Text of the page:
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Tracing The Stars

I read mostly science fiction and romance, and often a combination of the two.

TracingTheStars.com was given a copy and asked to write an honest review.

I want to start this review by saying that while it only reached 3 stars for me, I believe that it could be a 4 or 5 star book for certain readers. The overall book is good. The overall writing is good. The dialogue, characters, plot, adventure aspect and pacing are also good. It just hit a few roadblocks for me that kept me from really enjoying it.

I think the first roadblock that threw me is the timeline. The events in this book happen in the last quarter of the 21st century. This made some of the technology and other aspects hard to swallow. We are asked to believe that, even though in 2014 we haven't even been to Mars, by the last quarter of this century, we will have survived a global sea-rising disaster, built a moon colony, invented teleporation technology (being used as mass transit, no less) and can build spaceships capable of travelling to other galaxies (using teleportation engines). I'm all for the suspension of belief, but not tossing it completely out of the window. I think if Paskoff had simply pushed the timeline up another century, I would have been more comfortable with what I was asked to accept.

Paskoff does explain the technology, and I actually enjoyed reading his ideas on using teleportation as a means of mass transit and as a way of propelling a ship through space. Unfortunately, these explanations were also part of a series of info dumps littered throughout the novel. While the writing around these dumps was good and enjoyable, the dumps had me skimming pages, wading through mindless facts as I tried to find my way back to the story.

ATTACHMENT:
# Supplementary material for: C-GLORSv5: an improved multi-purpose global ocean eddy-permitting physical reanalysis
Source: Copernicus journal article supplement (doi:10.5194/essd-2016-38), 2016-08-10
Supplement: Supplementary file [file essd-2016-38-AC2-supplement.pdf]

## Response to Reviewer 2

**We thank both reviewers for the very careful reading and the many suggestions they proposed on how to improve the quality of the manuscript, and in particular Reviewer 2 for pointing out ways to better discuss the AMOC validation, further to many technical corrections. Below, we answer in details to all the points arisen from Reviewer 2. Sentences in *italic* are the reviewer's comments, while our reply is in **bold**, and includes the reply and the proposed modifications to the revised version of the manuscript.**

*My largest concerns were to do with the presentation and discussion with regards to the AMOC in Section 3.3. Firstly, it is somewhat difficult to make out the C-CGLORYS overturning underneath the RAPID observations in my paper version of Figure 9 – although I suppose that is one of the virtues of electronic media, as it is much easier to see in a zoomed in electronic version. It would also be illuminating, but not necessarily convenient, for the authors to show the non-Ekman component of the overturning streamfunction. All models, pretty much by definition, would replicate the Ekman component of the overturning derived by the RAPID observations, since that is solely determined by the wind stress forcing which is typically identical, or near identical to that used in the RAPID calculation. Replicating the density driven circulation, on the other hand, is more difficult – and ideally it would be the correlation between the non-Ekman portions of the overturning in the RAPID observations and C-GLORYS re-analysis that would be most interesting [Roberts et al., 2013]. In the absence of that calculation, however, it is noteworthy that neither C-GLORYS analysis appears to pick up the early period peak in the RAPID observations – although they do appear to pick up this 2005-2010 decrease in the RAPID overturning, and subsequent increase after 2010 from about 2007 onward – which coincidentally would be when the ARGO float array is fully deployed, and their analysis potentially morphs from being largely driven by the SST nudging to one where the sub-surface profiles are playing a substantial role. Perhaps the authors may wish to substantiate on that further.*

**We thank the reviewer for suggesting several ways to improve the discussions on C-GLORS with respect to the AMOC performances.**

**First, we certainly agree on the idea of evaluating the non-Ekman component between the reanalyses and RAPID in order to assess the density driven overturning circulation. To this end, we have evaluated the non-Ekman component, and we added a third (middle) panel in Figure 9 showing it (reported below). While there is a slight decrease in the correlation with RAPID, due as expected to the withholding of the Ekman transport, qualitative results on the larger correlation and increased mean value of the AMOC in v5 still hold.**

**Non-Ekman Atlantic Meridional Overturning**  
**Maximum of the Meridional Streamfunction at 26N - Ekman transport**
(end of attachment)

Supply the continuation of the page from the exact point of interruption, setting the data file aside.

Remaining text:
The next roadblock for me was the cast. While the characters were well written in that they had emotions, life and growth, the character types used all felt a little too cookie-cutter. It's a very male, very stereotyped cast.

The anti-hero, Hawke, is a mid-life crisis, single, rough around the edges, right-stuff pilot who gets introduced to the reader via a bar-brawl to show how macho-cool he is against a pair of drunk locals who call him a gringo. Just about every guy in the book has an ex-wife or a wife they loath, and many of the women mentioned in passing aren't done so in a good light. Up until we meet Ben and then Jim's wife at around 25%, the book was giving me an uncomfortable misogynistic vibe. That was cleared away, but then then in stepped the main cast of ladies. The pretty blond girl is the ship's flirty doctor (who, of course, flirts with Hawke). There's a butch military major who's head of security, and an intellectual Chinese woman who heads one of the research labs.

Completing the cast is a sniveling, government lackey to look over Hawke's shoulder, a shy geeky software engineer and a bearded Indian geologist. There were some funny moments of dialogue between all these walking sterotypes, but I kept waiting for someone original to walk through the door. I think the most refreshing character was the Admiral, who was adamant that the newly discovered planet be something for all of humanity and not for pillaging by corporations. I also really enjoyed both Jim and Ben's characters.

The book, plot and cast all have the makings for a scifi-adventure blockbuster popcorn movie, like Armageddon, Pacific Rim or Battleship. It's also got a very heavy-handed pro-American, gun-ho action-film vibe. You know, the kind where America must be the best and beat China or Russia to the punch line (well, in M51, it's China and India). I could actually picture this book being made into a movie, and I think that's what kept me turning pages to find out what happened, which is why I think the 3 star rating from me may be higher for other readers.